Shortly after taking office in 1993, President Bill Clinton and Vice President Al Gore called for a shift in American technology policy toward an expansion of public investments in partnerships with private industry. The authors of this volume were invited by the Clinton administration to take a hard, nonpartisan look at how successful the new policies have been and to propose ways to make their programs more effective. The first summary report of the team's recommendations was called the "hottest technology policy property on Capitol Hill."
The growth of the Internet has been propelled in significant part by user investment in infrastructure: computers, internal wiring, and the connection to the Internet provider. This "bottom-up" investment minimizes the investment burden facing providers. New technologies such as wireless and data transmission over power lines, as well as deregulation of telecommunications and electric utilities, will provide new opportunities for user investment in intelligent infrastructure as leverage points for Internet and broadband access.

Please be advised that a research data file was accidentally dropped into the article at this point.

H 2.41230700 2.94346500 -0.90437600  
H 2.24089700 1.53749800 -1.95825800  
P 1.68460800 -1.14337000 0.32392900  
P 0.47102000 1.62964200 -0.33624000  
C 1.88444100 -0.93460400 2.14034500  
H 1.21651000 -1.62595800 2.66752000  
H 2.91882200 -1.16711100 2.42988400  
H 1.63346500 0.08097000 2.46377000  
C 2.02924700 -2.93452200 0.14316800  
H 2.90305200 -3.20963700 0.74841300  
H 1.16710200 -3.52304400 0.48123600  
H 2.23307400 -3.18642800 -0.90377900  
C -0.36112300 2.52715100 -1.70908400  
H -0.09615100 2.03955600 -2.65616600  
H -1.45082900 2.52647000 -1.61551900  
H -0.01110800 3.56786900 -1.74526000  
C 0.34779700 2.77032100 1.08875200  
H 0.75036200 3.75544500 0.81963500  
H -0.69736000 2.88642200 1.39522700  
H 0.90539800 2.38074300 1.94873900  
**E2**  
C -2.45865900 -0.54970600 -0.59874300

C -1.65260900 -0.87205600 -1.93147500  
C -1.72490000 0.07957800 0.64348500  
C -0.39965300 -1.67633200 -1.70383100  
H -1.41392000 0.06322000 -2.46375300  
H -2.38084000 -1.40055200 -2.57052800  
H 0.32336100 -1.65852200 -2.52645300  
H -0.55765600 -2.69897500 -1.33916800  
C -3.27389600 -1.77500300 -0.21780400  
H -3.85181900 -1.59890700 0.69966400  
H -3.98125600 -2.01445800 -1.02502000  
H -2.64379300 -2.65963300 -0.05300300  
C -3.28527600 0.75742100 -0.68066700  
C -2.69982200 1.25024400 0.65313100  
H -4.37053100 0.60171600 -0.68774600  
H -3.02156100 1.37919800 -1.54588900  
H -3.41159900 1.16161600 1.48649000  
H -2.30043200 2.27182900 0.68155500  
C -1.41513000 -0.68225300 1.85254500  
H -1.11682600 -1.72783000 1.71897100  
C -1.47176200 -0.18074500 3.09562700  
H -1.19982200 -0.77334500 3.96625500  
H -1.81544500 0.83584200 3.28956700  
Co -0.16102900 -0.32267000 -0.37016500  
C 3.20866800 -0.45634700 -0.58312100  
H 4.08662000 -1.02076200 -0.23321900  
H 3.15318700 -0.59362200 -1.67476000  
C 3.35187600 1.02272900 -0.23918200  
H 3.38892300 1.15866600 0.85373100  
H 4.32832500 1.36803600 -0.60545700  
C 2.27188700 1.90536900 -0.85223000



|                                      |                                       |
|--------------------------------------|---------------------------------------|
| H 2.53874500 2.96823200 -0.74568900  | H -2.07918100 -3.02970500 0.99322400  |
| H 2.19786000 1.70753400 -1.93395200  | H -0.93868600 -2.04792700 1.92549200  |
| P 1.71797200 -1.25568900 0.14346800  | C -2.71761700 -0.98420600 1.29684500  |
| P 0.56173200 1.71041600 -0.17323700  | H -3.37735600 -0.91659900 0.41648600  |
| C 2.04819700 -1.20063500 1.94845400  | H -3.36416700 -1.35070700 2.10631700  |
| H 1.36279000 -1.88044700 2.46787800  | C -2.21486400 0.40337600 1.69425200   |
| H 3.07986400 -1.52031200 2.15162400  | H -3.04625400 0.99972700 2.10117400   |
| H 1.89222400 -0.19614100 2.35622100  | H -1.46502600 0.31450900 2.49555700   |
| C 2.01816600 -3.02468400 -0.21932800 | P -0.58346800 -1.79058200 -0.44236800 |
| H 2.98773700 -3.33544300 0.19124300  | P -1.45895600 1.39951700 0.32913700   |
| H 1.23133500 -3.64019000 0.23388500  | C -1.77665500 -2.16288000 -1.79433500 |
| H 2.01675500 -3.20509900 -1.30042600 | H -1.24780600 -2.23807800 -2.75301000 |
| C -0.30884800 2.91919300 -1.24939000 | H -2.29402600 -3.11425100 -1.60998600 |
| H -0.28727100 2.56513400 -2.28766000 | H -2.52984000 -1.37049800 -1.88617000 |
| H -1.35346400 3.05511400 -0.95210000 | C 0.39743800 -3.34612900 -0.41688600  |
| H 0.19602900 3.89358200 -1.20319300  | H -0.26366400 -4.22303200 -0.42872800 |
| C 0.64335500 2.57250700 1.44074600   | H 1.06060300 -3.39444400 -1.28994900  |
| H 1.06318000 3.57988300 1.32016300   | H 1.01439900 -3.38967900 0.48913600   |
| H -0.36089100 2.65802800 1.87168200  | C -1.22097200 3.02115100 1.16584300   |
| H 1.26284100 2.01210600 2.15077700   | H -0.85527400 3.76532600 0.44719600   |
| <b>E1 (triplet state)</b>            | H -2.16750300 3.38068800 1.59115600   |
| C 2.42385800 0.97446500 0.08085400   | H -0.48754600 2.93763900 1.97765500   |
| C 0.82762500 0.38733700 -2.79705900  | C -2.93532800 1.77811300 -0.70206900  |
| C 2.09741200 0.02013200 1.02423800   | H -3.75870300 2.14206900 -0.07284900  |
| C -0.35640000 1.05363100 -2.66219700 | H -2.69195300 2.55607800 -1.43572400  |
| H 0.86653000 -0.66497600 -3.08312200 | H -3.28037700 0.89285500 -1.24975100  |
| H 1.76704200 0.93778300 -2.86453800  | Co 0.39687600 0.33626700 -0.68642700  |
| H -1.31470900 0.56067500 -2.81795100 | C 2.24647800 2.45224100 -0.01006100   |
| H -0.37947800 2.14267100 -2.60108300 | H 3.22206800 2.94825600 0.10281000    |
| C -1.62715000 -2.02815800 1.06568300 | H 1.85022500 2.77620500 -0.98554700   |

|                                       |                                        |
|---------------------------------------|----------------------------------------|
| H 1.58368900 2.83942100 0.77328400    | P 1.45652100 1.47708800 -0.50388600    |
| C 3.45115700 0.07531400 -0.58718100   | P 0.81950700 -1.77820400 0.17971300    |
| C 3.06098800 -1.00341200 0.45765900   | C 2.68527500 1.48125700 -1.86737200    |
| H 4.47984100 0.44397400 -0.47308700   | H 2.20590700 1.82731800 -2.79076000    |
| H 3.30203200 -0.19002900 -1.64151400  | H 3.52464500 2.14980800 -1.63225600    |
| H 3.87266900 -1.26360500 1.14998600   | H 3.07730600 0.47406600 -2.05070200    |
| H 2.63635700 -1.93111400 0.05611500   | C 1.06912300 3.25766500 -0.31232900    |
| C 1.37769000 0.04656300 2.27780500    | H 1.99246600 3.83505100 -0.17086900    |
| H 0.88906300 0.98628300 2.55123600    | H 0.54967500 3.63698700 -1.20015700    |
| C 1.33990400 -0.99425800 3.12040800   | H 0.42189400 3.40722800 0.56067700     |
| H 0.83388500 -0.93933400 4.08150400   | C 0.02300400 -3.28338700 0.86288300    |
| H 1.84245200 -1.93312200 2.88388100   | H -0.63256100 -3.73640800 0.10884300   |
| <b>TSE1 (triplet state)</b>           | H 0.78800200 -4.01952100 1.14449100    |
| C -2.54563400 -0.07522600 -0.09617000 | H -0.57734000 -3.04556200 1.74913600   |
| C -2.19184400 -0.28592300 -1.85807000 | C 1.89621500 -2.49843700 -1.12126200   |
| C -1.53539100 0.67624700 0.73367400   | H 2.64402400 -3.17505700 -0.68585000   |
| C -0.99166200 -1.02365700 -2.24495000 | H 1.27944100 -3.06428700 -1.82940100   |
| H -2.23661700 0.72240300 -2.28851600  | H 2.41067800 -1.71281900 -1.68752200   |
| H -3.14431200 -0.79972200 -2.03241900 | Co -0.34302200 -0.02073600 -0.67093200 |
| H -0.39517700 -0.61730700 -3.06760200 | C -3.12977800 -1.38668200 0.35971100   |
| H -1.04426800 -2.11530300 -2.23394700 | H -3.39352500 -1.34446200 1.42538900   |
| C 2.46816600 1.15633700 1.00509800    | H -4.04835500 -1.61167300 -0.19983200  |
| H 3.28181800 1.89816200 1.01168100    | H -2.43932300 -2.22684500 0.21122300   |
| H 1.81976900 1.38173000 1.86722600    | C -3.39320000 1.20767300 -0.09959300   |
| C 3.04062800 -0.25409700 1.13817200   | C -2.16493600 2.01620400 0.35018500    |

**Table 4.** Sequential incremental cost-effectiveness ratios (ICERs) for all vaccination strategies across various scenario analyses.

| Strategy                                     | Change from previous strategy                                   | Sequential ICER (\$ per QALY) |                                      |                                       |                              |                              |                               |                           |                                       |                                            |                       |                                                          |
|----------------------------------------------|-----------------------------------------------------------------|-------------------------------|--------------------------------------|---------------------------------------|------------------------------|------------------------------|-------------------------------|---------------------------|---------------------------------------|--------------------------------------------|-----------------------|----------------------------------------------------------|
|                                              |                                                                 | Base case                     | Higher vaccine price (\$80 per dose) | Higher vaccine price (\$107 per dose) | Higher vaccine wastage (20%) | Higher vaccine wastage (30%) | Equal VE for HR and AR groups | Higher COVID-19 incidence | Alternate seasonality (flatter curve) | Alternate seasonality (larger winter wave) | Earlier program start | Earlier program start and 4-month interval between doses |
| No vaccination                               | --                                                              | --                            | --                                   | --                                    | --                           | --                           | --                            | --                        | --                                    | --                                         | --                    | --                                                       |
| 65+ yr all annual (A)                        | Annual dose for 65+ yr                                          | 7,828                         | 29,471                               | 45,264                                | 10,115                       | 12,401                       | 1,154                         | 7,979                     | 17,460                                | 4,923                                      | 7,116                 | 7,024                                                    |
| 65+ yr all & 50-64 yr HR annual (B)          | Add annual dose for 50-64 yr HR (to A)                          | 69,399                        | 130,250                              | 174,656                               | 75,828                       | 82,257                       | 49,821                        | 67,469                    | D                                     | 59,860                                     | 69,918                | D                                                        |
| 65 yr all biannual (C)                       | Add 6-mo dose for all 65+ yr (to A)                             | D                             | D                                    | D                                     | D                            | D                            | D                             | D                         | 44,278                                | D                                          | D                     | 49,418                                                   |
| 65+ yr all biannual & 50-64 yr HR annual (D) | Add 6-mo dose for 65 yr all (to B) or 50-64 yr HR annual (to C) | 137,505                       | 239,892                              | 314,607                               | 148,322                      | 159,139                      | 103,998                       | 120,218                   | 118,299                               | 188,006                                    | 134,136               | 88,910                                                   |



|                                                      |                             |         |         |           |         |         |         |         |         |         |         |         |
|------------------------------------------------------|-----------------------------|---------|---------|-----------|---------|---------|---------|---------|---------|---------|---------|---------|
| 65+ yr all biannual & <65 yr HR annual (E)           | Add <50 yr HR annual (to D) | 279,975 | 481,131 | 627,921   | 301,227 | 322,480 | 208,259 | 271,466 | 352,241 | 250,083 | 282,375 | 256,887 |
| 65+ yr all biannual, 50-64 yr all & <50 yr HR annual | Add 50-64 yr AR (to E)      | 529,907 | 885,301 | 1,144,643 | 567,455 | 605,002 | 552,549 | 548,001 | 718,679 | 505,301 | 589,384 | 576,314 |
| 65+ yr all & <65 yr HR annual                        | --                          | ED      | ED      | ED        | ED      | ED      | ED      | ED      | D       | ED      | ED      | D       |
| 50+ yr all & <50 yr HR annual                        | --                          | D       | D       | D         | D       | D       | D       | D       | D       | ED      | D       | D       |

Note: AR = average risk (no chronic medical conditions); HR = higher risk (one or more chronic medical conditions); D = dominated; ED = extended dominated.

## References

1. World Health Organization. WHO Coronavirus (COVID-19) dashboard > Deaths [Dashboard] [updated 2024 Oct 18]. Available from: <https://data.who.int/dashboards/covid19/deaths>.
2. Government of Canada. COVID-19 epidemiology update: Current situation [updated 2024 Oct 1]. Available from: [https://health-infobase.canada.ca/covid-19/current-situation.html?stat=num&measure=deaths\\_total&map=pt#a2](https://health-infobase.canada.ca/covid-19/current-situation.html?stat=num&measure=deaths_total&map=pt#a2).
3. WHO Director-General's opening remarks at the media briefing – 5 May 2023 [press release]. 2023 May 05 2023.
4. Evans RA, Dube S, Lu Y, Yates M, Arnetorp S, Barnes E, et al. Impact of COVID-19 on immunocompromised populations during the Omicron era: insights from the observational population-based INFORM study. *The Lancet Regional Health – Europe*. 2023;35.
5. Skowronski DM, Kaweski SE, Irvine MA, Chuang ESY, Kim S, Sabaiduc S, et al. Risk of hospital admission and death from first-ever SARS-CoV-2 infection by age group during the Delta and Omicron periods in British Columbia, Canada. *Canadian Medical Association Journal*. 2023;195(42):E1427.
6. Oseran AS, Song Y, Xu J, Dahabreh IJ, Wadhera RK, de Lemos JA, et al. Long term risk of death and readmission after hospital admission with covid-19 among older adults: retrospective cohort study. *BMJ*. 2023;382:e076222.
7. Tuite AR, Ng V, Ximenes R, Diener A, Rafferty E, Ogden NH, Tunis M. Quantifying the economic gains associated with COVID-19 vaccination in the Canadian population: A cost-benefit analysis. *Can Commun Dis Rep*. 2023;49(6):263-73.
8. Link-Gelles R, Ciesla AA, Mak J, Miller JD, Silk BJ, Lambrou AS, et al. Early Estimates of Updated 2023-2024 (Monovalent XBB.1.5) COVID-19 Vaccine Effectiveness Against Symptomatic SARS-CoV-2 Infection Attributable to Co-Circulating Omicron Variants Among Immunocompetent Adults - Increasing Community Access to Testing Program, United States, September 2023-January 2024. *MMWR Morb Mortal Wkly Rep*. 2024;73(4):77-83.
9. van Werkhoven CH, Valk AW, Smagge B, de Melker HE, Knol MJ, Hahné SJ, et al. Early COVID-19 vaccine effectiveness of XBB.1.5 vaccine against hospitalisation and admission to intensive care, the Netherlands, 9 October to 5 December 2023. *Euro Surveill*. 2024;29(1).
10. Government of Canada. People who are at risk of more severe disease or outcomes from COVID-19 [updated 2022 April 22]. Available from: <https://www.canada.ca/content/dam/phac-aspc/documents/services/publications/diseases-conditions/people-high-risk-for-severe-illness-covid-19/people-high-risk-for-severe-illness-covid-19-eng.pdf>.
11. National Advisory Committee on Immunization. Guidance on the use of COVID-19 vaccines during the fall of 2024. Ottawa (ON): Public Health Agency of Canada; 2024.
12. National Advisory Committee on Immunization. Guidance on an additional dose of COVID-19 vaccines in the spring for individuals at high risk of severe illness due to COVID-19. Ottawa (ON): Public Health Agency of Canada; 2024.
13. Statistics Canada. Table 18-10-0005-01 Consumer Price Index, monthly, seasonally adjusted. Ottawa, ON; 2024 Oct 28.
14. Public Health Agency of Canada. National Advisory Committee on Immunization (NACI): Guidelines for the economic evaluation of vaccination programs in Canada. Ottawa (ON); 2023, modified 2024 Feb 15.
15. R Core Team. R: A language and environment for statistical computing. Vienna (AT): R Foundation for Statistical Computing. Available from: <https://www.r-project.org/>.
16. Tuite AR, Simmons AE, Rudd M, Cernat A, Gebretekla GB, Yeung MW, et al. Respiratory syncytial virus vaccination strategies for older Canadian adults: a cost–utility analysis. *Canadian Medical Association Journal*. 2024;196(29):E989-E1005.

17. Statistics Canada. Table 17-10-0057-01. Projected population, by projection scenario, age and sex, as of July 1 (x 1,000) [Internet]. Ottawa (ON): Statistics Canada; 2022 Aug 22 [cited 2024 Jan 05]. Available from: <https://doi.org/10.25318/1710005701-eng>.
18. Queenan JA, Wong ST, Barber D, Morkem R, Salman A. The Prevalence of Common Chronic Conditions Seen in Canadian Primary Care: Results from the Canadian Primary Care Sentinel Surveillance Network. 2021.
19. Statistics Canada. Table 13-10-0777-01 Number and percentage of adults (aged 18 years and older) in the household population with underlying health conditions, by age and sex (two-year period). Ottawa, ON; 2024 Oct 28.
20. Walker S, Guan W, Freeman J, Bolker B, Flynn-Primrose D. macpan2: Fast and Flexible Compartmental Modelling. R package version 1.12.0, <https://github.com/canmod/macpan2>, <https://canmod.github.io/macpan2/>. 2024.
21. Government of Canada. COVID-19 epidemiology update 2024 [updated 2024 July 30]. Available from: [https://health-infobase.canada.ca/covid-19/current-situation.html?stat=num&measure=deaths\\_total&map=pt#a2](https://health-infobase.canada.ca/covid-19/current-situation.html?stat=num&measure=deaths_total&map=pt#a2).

For years, the world saw the Internet as a creature of theU.S. Department of Defense. Now some claim that the Internet is aself-governing organism controlled by no one and needing nooversight. Although the National Science Foundation and othergovernment agencies continue to support and oversee criticaladministrative and coordinating functions, the Internet is remarkablydecentralized and uninstitutionalized.
This collection explores the opportunities for and possible implications of coordination between two of the major pieces of emerging infrastructure in the United States: Intelligent Transportation Systems (ITS) and the National Information Infrastructure (NII). Based on a recent workshop that was sponsored by the U.S. Department of Transportation, MIT, and Harvard, Converging Infrastructures frames the programmatic, organizational, and technical issues involved.